Fast-breeding sea urchin provides model for genetic

Many people may not realize that the humble sea urchin is a titan when it comes to the study of biology. Now, researchers from Japan have discovered that sea urchins could help biological studies go further than ever before.

In a study published in this month in Development, Growth and Differentiation, researchers from the University of Tsukuba have revealed that a particular species of sea urchin may be a game changer, opening up new avenues for genetic research. Sea urchins have been used for over a hundred year as a model for understanding how biological systems work. These organisms have enabled the identification of mechanisms underlying biological phenomena, ranging from gene regulatory networks to the proteins involved in cell cycles. However, there is a catch—the model species used so far take 2 years to reach reproductive maturity, making them unsuitable for genetic studies.

“To be able to study genetics in sea urchins, we need to find species with short breeding cycles, or to speed up the cycles of the current model species,” says senior author of the study, Professor Shunsuke Yaguchi. “In our study, we looked for a species with a short reproductive cycle.”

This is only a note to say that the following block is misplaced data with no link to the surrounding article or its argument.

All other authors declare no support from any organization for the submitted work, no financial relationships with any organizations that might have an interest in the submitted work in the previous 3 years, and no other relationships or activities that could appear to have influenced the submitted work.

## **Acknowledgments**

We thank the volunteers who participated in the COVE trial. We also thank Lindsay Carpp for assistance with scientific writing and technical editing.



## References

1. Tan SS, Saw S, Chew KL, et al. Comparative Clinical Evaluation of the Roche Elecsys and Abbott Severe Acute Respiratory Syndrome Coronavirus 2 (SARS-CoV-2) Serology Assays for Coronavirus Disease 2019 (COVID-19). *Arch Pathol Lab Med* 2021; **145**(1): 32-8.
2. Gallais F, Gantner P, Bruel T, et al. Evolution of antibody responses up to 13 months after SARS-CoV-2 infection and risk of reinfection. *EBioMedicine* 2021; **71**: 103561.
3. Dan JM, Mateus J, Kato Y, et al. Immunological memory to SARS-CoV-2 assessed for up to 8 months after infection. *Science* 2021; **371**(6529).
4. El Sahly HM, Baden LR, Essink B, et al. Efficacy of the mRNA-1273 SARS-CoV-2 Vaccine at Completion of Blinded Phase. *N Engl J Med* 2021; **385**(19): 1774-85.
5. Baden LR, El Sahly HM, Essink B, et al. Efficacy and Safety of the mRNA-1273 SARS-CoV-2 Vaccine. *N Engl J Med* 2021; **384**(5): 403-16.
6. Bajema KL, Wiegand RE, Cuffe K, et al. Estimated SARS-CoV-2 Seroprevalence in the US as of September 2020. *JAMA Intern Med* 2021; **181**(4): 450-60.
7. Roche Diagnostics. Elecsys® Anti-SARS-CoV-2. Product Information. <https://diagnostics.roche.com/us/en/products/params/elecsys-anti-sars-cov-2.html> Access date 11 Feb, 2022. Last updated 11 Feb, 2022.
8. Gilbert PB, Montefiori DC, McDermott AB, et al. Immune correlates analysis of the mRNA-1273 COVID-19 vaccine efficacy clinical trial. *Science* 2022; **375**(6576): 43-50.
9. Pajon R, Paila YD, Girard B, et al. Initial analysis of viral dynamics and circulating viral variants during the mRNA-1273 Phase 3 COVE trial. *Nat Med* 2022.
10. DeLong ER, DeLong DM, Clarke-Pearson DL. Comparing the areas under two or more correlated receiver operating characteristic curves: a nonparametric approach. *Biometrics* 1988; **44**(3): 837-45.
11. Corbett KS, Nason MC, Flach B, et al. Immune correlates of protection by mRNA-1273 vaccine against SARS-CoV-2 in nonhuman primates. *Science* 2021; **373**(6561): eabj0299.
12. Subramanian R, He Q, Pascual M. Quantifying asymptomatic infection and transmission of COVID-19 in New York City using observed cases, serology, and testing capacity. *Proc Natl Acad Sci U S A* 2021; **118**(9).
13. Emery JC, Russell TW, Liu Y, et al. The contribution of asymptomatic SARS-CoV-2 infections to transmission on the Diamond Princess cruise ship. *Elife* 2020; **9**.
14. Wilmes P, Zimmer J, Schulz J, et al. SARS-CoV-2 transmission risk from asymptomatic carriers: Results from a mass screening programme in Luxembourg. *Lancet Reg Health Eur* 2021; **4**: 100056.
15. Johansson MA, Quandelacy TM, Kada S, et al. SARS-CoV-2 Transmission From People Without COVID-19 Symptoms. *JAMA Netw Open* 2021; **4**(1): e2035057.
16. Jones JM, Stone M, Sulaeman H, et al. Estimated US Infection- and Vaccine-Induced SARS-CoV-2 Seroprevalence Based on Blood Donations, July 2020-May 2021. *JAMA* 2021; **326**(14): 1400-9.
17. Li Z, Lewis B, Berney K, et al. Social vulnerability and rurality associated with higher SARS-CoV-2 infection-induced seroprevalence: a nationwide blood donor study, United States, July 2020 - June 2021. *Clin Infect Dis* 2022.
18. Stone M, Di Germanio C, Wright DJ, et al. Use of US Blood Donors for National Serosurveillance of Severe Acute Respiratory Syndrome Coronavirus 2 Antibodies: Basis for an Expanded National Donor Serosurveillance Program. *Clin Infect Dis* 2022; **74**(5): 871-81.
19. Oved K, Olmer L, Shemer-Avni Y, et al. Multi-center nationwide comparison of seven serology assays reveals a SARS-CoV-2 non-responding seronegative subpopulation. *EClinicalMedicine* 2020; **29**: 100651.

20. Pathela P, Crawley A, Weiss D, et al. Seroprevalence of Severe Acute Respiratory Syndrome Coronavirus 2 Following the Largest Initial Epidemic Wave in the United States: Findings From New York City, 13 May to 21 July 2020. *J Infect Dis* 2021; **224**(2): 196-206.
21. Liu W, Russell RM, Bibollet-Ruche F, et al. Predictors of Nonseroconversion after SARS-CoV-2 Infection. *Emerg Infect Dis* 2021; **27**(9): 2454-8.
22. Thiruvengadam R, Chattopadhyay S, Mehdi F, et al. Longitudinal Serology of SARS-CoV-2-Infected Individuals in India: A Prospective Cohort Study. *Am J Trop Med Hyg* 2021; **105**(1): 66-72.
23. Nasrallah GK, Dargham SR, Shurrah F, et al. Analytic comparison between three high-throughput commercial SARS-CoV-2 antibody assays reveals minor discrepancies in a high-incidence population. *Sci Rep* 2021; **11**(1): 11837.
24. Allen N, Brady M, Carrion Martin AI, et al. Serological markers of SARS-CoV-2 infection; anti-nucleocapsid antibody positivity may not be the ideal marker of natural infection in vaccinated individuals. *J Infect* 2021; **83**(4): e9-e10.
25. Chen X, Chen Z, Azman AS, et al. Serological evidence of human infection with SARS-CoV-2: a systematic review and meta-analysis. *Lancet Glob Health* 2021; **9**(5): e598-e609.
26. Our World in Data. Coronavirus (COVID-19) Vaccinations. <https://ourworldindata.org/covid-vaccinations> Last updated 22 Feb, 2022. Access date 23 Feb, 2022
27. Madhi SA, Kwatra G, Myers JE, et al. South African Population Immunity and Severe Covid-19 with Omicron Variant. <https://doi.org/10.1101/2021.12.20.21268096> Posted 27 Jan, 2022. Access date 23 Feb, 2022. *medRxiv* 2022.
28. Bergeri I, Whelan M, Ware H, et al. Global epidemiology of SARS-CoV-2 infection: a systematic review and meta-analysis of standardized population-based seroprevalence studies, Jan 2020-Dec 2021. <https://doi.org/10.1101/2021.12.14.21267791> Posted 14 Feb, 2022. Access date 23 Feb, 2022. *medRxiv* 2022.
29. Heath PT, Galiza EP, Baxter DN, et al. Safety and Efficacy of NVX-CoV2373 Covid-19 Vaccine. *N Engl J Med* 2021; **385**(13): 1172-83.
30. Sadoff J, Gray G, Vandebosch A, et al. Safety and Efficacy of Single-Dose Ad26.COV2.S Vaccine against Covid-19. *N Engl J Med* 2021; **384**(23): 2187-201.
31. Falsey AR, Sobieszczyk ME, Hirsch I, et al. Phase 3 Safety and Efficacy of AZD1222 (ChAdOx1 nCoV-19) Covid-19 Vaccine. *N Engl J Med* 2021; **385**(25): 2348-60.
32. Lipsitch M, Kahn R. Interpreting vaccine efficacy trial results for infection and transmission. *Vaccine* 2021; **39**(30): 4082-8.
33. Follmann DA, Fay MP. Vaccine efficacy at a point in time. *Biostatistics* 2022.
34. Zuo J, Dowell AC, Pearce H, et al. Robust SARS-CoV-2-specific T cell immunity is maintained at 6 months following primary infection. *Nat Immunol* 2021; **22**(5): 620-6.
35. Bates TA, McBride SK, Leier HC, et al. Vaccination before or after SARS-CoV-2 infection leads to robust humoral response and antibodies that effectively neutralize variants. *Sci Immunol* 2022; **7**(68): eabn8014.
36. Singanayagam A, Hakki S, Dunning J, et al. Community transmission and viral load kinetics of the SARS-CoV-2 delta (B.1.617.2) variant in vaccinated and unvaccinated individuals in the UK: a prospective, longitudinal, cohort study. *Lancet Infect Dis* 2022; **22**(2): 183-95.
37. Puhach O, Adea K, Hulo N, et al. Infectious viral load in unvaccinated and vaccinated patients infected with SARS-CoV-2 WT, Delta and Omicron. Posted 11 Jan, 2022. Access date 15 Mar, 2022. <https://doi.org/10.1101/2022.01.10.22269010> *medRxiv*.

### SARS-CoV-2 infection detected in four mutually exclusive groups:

The researchers identified Temnopleurus reevesii as a candidate species because it only takes 6 months to produce the next generation, and eggs and sperm can be collected continuously throughout the year when kept at a temperature over 20°C. Most other model sea urchins don’t have these features, which make this species useful for culturing in a lab.

The team assembled a draft genome of T. reevesii and constructed two genome databases, TrBase and the Western Pacific Sea Urchin Genome Database (WestPac-SUGDB), the latter containing genomic information on T. reevesii and another model urchin species, Hemicentrotus pulcherrimus. The aim of creating these databases was to provide genetic information and establish a portal site for West Pacific sea urchin genetic data. WestPac-SUGDB also has search programs for comparing the two datasets.

“We predict that these databases will contribute not only to sea urchin genetic research, but also to evolutionary research and comparative genomics,” says Professor Yaguchi. The results of this study have opened up the possibility of using T. reevesii as a new model species for research in a number of fields, including cell, developmental, experimental, and evolutionary biology. Additionally, the researchers suggest that investigations in the near future will identify another sea urchin species as an improved model organism for medicine and the life sciences.

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